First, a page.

1910s >> 2018 >> no-104-april-1913

Question Time.

A most amusing poster was exhibited at the Tooting branch of the B.S.P recently, and from the Socialist point of view a most comprehensive one, too.
 
A meeting was advertised for March 9th at which Mr. E Crump was to give a lecture. and the a subject was to be : “Where Are We?’’
 
Had the speaker shown the same sincerity in keeping his engagement as he did in choosing his subject the position would even then have been humorous, but his failure to turn up placed a touch of reality on the whole affair.
 
After an existence of twenty seven years, smelling as sweetly under a variety of names, the B.S.P. find it necessary to ask themselves where they are! When we remember that the same party, on the occasion of the Borough Council election in 1912, opposed the Progressives in Battersea and supported them in Tooting, the above incident can only be taken as a true reflex of their “organisation.”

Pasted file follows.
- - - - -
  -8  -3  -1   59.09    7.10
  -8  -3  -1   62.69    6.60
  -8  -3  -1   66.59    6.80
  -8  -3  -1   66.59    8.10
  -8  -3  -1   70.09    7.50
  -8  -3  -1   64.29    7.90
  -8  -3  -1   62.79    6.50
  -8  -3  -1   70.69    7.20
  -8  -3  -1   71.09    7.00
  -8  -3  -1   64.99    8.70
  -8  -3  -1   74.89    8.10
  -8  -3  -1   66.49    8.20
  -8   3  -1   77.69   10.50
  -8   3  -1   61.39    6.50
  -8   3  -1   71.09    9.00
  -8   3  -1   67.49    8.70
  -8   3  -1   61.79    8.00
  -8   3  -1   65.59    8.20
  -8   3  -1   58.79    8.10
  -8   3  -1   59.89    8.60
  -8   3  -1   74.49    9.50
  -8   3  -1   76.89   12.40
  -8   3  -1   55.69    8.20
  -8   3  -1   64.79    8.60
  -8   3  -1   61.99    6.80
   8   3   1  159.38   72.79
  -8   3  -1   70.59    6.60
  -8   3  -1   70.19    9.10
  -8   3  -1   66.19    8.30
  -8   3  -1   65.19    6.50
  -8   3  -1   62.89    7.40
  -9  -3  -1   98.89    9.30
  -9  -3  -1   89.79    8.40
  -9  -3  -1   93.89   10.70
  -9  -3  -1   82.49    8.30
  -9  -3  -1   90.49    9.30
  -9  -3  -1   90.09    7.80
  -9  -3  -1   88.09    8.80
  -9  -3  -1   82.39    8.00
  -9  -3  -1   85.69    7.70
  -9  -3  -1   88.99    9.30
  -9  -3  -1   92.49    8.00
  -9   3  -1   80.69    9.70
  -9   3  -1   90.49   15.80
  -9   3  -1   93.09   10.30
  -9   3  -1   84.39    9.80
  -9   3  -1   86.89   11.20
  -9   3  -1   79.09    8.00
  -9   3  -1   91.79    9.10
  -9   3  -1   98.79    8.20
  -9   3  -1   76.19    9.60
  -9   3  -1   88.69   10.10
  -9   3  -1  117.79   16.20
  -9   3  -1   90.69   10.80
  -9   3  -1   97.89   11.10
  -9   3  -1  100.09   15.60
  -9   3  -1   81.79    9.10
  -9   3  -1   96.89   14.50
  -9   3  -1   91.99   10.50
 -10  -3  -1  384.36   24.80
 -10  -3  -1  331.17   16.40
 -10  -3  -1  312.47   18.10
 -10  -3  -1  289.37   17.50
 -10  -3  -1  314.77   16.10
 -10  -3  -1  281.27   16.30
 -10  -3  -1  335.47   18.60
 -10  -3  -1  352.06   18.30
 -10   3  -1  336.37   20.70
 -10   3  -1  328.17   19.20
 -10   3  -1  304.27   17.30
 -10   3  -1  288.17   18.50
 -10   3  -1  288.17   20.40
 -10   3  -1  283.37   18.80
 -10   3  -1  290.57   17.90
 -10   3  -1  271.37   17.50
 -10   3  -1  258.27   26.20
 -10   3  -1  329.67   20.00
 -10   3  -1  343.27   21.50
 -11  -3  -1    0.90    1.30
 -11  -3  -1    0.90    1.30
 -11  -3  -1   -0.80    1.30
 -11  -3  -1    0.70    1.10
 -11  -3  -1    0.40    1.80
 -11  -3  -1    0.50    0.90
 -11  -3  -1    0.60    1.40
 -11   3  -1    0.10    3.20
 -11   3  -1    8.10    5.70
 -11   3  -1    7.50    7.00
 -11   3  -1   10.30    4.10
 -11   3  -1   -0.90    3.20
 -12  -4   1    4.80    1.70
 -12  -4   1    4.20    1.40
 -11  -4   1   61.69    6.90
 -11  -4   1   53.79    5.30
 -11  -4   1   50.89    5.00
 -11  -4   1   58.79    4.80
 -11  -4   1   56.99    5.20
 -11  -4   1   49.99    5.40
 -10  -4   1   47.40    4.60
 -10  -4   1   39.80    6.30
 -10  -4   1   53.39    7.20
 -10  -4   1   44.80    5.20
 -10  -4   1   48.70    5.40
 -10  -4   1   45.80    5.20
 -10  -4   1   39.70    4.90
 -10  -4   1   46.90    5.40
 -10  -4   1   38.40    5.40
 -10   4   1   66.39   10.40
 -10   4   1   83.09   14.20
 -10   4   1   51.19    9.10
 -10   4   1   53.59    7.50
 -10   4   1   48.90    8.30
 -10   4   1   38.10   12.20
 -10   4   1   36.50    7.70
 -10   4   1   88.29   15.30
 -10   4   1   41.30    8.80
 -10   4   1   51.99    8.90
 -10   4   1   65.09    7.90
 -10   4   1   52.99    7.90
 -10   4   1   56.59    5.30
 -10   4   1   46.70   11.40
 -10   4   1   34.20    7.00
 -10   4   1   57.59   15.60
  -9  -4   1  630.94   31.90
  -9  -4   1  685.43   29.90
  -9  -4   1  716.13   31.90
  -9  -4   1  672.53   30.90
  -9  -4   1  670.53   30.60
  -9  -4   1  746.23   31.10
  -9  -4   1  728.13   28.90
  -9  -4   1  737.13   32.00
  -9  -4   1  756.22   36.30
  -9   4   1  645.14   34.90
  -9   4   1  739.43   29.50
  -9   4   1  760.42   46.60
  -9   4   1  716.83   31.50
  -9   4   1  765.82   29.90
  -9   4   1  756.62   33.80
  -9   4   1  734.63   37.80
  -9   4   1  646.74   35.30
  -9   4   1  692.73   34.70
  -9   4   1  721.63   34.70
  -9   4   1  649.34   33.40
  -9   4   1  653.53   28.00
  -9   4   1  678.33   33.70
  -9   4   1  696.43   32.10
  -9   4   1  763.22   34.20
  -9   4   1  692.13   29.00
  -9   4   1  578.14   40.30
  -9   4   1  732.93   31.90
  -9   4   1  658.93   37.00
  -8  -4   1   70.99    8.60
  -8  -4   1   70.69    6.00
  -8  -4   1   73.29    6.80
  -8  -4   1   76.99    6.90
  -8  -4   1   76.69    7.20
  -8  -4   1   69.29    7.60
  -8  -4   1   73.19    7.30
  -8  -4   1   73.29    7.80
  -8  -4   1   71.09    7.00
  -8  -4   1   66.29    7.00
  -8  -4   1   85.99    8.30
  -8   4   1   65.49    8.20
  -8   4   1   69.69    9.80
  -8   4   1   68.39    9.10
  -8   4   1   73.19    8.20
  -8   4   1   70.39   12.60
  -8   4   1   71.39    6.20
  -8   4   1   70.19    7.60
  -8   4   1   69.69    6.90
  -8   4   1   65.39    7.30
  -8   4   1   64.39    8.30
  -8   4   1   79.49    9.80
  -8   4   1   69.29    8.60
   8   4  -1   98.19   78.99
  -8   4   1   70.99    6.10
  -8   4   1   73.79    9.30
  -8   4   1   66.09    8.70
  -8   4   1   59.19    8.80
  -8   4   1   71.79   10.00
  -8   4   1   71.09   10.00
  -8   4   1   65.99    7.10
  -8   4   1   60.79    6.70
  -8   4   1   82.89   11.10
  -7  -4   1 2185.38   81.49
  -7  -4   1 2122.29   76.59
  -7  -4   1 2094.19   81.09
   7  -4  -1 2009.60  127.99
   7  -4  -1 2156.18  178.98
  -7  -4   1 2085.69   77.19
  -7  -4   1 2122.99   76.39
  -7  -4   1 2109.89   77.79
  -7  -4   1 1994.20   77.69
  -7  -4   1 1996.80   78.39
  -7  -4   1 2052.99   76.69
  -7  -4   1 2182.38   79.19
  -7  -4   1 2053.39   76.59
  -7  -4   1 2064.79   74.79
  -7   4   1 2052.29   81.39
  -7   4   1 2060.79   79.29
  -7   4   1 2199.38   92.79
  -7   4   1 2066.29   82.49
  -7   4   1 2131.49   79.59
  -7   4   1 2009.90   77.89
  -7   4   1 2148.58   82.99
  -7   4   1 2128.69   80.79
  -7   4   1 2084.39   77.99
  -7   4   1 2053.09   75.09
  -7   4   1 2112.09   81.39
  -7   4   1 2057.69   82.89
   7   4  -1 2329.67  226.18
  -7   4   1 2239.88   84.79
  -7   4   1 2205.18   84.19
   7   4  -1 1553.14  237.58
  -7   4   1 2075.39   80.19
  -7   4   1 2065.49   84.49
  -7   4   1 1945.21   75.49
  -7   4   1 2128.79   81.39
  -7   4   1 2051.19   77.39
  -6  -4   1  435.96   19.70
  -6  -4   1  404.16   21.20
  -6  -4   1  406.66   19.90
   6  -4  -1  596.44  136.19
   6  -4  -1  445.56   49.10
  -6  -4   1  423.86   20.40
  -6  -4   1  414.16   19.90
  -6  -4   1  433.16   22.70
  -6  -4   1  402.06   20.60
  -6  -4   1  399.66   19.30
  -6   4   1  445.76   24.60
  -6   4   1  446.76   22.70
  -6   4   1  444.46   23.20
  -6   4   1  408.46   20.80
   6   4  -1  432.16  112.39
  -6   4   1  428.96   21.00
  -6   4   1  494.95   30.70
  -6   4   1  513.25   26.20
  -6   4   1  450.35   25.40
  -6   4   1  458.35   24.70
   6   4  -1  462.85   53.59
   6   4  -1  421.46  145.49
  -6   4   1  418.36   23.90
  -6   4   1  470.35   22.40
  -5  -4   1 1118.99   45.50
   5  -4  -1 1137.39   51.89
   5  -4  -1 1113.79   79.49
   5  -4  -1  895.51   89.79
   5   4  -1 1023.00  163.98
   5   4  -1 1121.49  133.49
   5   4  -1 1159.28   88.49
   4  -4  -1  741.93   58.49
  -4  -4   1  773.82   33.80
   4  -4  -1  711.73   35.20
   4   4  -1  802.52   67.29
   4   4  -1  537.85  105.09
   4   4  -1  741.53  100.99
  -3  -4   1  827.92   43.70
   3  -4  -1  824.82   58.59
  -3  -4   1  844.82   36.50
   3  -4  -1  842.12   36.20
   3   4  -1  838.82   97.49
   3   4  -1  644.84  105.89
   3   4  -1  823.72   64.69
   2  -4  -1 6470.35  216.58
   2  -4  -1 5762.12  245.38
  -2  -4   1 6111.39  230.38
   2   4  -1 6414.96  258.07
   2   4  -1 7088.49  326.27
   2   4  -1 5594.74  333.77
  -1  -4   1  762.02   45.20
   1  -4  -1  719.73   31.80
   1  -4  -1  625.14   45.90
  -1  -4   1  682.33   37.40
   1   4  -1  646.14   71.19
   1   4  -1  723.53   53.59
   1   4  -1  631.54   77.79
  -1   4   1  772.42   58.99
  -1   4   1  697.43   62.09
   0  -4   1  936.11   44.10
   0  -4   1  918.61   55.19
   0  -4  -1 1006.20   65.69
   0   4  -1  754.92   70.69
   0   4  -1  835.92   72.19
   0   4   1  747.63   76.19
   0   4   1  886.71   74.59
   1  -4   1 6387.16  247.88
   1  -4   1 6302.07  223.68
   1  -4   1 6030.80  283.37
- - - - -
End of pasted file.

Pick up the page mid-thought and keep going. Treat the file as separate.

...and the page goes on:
It is interesting to note, also, that what is called a “Transition Programme” (whatever that may be) finds a place on the preliminary agenda for the B.S.P.’s Whitsuntide Conference. The following extracts reveal the terrifying and r-r revolutionary nature of the discussion that is to take place :—

   “The Abolition of the Monarchy.” “Free Administration of Justice and Legal Advice.” “Compensation for Persons Innocently Accused and Imprisoned.” “Abolition of Indirect Taxation,” etc, etc.

Now at last we can feel that capitalism is tottering to its grave Surely nothing but the fear of the advent of Socialism would move the B.S.P. to endeavour to perpetuate the present rotten system with such desperation as the above suggests.
 
Yet H. M. Hyndman, the G.O.M. of confusion, has said that we are faced with a system which makes reform impossible.
 
When intelligent workers note these facts, and also bear in mind the controversy raging round the subject of strengthening the very forces which exist to keep us in our slavery, they will agree that the time is over-ripe for questions, including the plaintive one of the lost—”Where are we? “

C. Baggett

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